But a Pharisee in the council named Gamaliel, a teacher of the law, respected by all the people, stood up and ordered the men to be put outside for a short time. Then he said to them, "Fellow Israelites, consider carefully what you propose to do to these men. For some time ago Theudas rose up, claiming to be somebody, and a number of men, about four hundred, joined him; but he was killed, and all who followed him were dispersed and disappeared. After him Judas the Galilean rose up at the time of the census and got people to follow him; he also perished, and all who followed him were scattered. So in the present case, I tell you, keep away from these men and let them alone; because if this plan or this undertaking is of human origin, it will fail; but if it is of God, you will not be able to overthrow them, in that case you may even be found fighting against God!"
They were convinced by him, and when the had called in the apostles, they had them flogged. Then they ordered them not to speak in the name of Jesus, and let them go. As they left the council, they rejoiced that they were considered worthy to suffer dishonour for the sake of the name. And every day in the temple and at home they did not cease to teach and proclaim Jesus as the Messiah.
Jesus then went to the other side of the Sea of Galilee, also called the Sea of Tiberias. A large crowd kept following him, because they saw the signs that he was doing for the sick. Jesus went up the mountain and sat down there with his disciples. Now the Passover, the festival of the Jews, was near.
When he looked up and saw a large crowd coming toward him, Jesus said to Philip, "Where are we to buy bread for these people to eat?" He said this to test him, for he himself knew what he was going to do. Philip answered him, "Six months" wages would not buy enough bread for each of them to get a little." One of his disciples, Andrew, Simon Peter's brother, said to him, "There is a boy here who has five barley loaves and two fish. But what are they among so many people?" Jesus said, "Make the people sit down." Now there was a great deal of grass in the place; so they sat down, about five thousand in all. Then Jesus took the loaves, and when he had given thanks, he distributed them to those who were seated; so also the fish, as much as they wanted. When they were satisfied, he told his disciples, "Gather up the fragments left over, so that nothing may be lost." So they gathered them up, and from the fragments of the five barley loaves, left by those who had eaten, they filled twelve baskets. When the people saw the sign that he had done, they began to say, "This is indeed the prophet who is to come into the world."
When Jesus realized that they were about to come and take him by force to make him king, he withdrew again to the mountain by himself.
When the people proclaim him as the prophet foretold by Moses, Jesus is uneasy. If the church is right in seeing him as the fulfilment of Israel's hopes, then why, we wonder, does he react so negatively when the people want him as their king? Maybe they wanted to harness his miraculous powers for their own aims. The miracle that Jesus performed on a single occasion, the people wanted to turn into an everyday handout. The request is perfectly understandable, for he was born to be a king. But the reason for Jesus' displeasure must be in the people's motivation.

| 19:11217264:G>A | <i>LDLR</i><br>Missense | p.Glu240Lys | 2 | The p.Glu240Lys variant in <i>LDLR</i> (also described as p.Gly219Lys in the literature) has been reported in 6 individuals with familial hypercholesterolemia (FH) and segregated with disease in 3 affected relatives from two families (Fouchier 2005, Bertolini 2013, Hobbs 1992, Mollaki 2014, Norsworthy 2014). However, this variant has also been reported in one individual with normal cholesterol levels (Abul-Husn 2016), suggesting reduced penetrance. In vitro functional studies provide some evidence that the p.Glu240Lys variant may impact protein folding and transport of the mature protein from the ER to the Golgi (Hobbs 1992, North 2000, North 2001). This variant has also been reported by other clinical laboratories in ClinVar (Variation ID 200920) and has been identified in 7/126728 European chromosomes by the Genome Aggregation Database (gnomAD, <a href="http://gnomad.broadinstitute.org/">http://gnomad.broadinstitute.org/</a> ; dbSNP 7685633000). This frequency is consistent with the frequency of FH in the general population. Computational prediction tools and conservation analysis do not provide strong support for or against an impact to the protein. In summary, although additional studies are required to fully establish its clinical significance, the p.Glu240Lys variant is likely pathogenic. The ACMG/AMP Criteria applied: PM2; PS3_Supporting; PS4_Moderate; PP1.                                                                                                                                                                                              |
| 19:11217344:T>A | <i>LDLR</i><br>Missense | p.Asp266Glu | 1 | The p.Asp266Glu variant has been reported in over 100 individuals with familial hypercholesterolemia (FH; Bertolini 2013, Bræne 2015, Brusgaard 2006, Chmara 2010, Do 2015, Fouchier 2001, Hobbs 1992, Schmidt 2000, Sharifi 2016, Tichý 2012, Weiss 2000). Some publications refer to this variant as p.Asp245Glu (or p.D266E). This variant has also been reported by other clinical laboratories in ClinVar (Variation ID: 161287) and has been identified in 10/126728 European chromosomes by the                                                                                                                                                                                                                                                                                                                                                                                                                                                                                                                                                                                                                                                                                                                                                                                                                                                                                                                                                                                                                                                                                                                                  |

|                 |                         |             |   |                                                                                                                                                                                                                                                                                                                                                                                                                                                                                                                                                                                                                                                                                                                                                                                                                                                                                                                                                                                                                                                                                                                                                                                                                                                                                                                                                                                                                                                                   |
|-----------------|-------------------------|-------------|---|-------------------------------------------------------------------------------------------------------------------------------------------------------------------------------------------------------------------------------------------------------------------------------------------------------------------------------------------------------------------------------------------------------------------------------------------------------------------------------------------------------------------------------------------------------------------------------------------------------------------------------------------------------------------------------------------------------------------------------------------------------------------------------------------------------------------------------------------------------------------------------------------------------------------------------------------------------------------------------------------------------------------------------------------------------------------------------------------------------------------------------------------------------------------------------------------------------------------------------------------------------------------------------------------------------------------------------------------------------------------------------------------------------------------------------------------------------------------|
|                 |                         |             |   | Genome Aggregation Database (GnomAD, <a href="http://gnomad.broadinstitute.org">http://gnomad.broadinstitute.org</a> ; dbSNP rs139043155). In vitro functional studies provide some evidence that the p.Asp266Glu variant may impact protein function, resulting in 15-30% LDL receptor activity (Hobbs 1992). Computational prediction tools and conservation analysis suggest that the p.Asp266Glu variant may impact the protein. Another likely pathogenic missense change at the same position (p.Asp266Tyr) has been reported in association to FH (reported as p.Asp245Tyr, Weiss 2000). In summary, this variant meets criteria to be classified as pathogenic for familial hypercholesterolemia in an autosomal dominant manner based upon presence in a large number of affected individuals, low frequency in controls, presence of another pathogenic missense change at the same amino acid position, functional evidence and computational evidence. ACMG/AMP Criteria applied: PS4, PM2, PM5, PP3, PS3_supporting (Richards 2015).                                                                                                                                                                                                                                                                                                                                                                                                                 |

In the reading from the Acts, we see how various messiahs had arisen and many people had been confused and misled by them. A member of the Jewish council then proposed a wise standard for judging the issue: If a work is of merely human origin, it will not last for long; but if it comes from God, no one should try to stop it. Even so, the apostles were not fully exonerated. The Sanhedrin decided to flog them before releasing them. But on their release they continued to preach in Jesus' name, fully willing to suffer for his sake.
In the end we may trust in Providence. If what we are doing is God's work, it cannot end in failure. No worthy project is wasted energy. And as we look about us at people who have survived tests of endurance or at institutions that have continued to serve the church over the centuries, we ought to be convinced that such things are part of God's plan. There are many such institutions which deserve much more respect than we often give them; and this thought can be a real spur to ecumenism.
Today we find Jesus and his disciples faced with a hungry crowd and little or no means of feeding them. In this situation of need, people reacted in different ways. Philip made a calculation: on the basis of the number of people and the amount of money available to buy food, and decided that nothing could be done. Andrew recognized that one of the crowd had a small amount of food but he dismissed this small resource as of no value. There were two other reactions in the story. There is the reaction of the small boy who willingly handed over the few pieces of food that he had. This is the reaction of the generous person, prepared to share all he or she has, even though it appears far less than what is needed. He gave whatever he could. Then there is the reaction of Jesus himself. He took the slim resources the young boy was generous enough to part with and, having prayed the prayer of thanksgiving to God over this food, he somehow fed the enormous crowd. The gospel teaches us that if we give generously from our resources to others, the Lord will work powerfully through those resources, small as they may seem to us.